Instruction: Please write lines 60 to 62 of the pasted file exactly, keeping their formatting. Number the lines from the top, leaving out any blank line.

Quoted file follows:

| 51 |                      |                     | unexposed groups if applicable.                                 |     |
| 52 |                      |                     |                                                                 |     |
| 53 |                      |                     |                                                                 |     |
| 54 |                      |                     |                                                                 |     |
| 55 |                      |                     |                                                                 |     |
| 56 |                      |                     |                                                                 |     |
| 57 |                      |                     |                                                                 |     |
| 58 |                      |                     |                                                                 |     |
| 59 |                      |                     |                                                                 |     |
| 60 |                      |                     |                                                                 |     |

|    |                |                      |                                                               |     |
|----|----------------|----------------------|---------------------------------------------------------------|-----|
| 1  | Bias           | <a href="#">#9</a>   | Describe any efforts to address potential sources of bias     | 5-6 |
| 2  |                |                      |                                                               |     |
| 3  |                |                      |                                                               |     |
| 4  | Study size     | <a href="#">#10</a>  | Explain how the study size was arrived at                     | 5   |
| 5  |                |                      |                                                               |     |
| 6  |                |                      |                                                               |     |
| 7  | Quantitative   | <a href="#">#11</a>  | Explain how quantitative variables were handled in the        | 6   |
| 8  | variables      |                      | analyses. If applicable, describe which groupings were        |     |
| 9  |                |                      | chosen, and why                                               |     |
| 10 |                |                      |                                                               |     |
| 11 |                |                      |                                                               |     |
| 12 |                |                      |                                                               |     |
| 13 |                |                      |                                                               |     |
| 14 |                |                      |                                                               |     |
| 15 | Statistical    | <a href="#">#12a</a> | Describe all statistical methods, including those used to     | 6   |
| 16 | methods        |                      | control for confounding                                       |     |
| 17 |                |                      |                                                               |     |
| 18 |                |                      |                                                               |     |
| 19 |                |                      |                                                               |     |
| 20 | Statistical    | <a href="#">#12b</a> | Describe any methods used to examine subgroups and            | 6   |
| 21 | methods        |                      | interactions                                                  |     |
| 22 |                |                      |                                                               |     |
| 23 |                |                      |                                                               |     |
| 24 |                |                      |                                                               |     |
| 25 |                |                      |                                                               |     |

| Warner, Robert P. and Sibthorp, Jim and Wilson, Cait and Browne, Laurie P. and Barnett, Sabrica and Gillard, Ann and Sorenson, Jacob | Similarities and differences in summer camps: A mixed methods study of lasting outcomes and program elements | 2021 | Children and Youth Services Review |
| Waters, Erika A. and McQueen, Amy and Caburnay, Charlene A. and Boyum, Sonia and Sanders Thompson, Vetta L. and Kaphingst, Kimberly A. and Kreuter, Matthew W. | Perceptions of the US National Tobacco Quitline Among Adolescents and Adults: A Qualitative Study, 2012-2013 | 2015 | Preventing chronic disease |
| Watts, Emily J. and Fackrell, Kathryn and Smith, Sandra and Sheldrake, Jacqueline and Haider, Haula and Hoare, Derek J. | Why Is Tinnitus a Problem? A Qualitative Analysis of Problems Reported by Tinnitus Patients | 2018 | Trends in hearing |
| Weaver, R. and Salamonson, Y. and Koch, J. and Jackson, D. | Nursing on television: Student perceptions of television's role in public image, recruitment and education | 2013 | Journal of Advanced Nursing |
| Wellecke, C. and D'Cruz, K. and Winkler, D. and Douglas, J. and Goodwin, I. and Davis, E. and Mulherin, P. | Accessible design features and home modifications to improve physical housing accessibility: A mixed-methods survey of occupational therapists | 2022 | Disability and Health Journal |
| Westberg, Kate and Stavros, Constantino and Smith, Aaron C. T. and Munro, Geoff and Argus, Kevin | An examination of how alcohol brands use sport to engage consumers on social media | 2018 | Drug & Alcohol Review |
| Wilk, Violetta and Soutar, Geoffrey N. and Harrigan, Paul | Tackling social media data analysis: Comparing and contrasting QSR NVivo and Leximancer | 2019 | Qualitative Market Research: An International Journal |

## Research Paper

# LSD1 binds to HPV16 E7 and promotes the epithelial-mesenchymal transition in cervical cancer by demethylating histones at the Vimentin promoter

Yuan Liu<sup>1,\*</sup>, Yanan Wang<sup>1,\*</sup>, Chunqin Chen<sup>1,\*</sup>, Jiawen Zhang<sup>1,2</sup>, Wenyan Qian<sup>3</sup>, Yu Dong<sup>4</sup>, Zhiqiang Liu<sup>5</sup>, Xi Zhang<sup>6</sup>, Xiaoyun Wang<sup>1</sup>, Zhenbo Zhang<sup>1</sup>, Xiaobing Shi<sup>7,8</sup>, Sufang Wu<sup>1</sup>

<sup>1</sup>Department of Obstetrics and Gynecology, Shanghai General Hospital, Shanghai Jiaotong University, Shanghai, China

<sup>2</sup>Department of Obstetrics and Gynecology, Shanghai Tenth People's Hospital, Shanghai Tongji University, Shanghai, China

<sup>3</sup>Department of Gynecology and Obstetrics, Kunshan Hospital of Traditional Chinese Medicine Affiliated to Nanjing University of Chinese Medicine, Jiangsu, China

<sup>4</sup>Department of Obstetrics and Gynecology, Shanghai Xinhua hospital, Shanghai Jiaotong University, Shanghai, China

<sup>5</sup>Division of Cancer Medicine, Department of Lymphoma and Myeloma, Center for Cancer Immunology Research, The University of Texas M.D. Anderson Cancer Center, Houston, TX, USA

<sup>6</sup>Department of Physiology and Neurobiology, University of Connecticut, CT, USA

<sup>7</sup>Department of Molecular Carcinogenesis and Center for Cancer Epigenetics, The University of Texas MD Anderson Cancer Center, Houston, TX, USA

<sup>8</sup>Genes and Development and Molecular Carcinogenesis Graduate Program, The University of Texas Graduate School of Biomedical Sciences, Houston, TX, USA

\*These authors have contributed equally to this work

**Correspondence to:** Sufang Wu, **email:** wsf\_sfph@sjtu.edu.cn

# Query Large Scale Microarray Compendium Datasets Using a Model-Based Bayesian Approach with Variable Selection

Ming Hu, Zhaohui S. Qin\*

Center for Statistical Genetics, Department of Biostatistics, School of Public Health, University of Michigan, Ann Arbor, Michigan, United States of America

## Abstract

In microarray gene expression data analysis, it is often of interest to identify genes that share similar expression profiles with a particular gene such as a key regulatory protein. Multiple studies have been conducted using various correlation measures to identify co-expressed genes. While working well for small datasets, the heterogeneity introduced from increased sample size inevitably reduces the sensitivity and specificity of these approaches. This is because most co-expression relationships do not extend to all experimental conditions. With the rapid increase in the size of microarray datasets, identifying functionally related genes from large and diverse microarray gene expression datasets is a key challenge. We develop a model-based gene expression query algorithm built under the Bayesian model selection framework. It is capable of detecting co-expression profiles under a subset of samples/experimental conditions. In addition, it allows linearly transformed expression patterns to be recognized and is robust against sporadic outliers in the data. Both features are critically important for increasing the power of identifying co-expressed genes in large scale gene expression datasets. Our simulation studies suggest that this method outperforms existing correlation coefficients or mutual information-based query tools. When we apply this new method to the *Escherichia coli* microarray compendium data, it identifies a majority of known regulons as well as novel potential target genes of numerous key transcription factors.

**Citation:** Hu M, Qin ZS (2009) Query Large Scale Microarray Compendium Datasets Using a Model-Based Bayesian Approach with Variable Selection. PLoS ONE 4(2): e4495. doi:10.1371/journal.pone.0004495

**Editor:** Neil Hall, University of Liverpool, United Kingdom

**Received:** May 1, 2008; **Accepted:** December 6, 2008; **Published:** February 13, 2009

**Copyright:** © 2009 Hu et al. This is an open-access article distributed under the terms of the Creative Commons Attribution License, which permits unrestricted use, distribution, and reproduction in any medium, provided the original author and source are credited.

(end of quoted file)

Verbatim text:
Center for Statistical Genetics, Department of Biostatistics, School of Public Health, University of Michigan, Ann Arbor, Michigan, United States of America

## Abstract

In microarray gene expression data analysis, it is often of interest to identify genes that share similar expression profiles with a particular gene such as a key regulatory protein. Multiple studies have been conducted using various correlation measures to identify co-expressed genes. While working well for small datasets, the heterogeneity introduced from increased sample size inevitably reduces the sensitivity and specificity of these approaches. This is because most co-expression relationships do not extend to all experimental conditions. With the rapid increase in the size of microarray datasets, identifying functionally related genes from large and diverse microarray gene expression datasets is a key challenge. We develop a model-based gene expression query algorithm built under the Bayesian model selection framework. It is capable of detecting co-expression profiles under a subset of samples/experimental conditions. In addition, it allows linearly transformed expression patterns to be recognized and is robust against sporadic outliers in the data. Both features are critically important for increasing the power of identifying co-expressed genes in large scale gene expression datasets. Our simulation studies suggest that this method outperforms existing correlation coefficients or mutual information-based query tools. When we apply this new method to the *Escherichia coli* microarray compendium data, it identifies a majority of known regulons as well as novel potential target genes of numerous key transcription factors.